By Dominique Demers
Illustrated by Stéphane Poulin
Dominique and Friends
Out of print
Dominique Demers is a best-selling French-Canadian author but, sadly, most of her books have not made it across the border. Old Thomas is the only book by her I’ve ever read, and I adore it. Demers’s writing is beautiful; she carefully chooses her words, imparting as much information as possible without weighing down the story. It’s like a fairy tale—not in the usual sense, though the story does involve a fairy—in that it follows that clear, quick style of writing. With just a few short sentences readers are drawn into Old Thomas’s world.
This is also the only book I’ve ever seen illustrated by Stéphane Poulin, whose somber art is the perfect complement to this odd and touching story. Somehow dim and radiant at the same time, his deeply rich, stark oil paintings seem to fill more space than the pages that contain them. Each spread is its own masterpiece. Old Thomas bears a striking resemblance to Geri from the Pixar short Geri’s Game and looms large on the pages in which he appears, especially in contrast to the small, delicate fairy.
Old Thomas lives alone by the ocean. He no longer fishes and he’s sworn off humans. He’s very old, and very angry. At night he walks the beach and shouts insults at the moon and stars. But when he finds a tiny girl no bigger than a matchstick washed up on shore, he cannot leave her behind. She’s probably not human, she’s so small; might she be a fairy? Old Thomas takes the diminutive being home.
He makes a small bed for her out of a shell; he drips rain water into her miniature mouth. Taking excellent care of his new charge, he brings her back to health. He starts walking the beach collecting sweet fruit for her and he begins fishing again. When he next goes out to shout insults at the sun, he discovers his anger has left him.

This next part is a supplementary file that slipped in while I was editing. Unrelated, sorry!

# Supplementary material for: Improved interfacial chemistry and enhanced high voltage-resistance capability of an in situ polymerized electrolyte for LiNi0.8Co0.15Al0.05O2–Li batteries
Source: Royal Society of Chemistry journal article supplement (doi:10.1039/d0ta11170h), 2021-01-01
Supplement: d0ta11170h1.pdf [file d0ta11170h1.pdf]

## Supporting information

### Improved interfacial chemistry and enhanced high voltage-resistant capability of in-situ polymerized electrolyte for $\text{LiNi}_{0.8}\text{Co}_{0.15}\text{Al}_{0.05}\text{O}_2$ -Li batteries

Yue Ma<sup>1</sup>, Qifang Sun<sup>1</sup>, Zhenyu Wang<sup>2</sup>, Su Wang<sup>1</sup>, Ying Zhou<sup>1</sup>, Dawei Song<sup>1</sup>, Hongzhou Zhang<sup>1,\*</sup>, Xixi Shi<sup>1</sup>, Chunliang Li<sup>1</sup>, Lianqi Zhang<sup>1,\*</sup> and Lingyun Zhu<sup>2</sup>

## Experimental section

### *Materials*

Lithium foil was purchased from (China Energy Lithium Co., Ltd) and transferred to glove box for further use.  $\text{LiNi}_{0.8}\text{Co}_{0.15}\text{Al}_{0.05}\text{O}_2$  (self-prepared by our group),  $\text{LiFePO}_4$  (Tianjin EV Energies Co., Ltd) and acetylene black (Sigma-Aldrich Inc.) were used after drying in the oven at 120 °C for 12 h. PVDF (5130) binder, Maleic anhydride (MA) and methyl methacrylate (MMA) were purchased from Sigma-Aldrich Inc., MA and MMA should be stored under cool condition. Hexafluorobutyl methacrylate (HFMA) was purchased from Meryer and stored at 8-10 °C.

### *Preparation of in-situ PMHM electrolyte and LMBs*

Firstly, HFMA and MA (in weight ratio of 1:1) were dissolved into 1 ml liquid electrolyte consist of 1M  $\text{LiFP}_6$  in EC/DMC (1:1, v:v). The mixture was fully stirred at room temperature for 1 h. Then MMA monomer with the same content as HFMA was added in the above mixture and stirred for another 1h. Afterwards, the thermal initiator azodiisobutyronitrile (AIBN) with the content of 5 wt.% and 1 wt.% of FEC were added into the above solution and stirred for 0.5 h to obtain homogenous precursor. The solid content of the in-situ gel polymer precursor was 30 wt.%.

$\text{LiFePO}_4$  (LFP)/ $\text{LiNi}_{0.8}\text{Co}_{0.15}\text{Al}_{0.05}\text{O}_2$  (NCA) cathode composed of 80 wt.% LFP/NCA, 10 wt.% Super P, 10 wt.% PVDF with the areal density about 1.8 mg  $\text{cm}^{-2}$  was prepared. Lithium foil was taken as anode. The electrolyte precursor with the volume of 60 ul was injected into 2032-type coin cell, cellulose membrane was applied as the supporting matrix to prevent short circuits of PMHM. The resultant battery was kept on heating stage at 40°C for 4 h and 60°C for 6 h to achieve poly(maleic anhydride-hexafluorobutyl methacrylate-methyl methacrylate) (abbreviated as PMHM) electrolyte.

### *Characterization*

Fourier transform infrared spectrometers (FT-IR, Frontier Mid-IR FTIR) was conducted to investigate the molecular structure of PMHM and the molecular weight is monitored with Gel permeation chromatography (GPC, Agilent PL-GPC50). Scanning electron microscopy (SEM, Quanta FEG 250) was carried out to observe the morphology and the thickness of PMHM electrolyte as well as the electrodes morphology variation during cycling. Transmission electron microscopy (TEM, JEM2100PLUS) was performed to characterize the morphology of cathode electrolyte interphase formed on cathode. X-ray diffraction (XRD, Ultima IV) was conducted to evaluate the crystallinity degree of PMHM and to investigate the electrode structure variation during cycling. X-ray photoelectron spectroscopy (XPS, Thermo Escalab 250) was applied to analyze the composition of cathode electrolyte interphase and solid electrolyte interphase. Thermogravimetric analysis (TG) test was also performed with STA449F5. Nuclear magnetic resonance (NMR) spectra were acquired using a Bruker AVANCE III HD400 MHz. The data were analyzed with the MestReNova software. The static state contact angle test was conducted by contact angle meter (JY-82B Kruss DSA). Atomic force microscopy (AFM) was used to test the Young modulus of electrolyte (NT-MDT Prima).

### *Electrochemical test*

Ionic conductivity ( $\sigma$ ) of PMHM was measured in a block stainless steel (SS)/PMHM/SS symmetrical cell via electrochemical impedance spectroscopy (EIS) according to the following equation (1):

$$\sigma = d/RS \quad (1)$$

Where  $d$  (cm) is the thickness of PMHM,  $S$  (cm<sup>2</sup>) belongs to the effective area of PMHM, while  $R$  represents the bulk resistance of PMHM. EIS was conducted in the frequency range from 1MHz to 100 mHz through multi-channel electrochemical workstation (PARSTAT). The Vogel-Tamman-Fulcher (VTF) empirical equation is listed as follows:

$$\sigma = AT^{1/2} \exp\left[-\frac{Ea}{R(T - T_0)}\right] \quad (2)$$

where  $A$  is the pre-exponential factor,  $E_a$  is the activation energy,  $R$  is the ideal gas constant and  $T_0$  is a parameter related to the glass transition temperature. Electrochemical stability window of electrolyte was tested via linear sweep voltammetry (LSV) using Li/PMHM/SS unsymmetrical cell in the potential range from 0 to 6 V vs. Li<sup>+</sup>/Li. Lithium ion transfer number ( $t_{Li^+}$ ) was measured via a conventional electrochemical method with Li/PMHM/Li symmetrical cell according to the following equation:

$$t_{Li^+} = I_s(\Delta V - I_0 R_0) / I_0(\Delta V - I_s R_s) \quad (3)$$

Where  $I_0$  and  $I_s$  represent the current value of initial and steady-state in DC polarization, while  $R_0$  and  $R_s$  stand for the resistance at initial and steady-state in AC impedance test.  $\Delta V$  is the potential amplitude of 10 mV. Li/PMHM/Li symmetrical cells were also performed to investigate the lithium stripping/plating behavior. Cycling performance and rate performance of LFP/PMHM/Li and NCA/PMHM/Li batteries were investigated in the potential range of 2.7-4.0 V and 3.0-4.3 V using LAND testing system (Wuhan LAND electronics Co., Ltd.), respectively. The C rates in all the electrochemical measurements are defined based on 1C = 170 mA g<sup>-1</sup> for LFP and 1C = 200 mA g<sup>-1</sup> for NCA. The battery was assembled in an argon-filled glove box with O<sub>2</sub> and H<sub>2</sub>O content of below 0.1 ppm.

One day Thomas is out in his boat catching fish for his wee friend when he is overcome by an ominous feeling; he rushes back to shore. Upon reaching his home he finds a large dog standing over the frightened girl. Thomas summons all his strength and courage and successfully fights off the beast. The girl, having fainted from the scare, awakens to a battered Thomas lying unconscious on the floor.
Returning all the love and tenderness Old Thomas has shown her, she brings him sweet fruit and fish, but Thomas won’t have it. He knows his time has come and he’s ready to go.
“He no longer wanted to insult the moon or the sea, the sun or the wind. His little fairy was there at his side, safe and sound and wonderfully alive. Old Thomas was content.”
That night, Old Thomas surrendered himself to the sea. As the waves washed him away there was a great chorus of birds singing, and the little girl disappeared. The beach was empty, save the “mulitcoloured pebbles, ribbons of seaweed and pearly nuggets” left behind.
This is a beautiful and haunting story. Is the young girl a fairy? Has she appeared to prepare Old Thomas for his death? Why does she disappear after he dies? Perhaps it doesn’t matter. Perhaps it only matters that Old Thomas did not leave this world angry; he was able to love and be loved, however briefly, before it was all gone forever.
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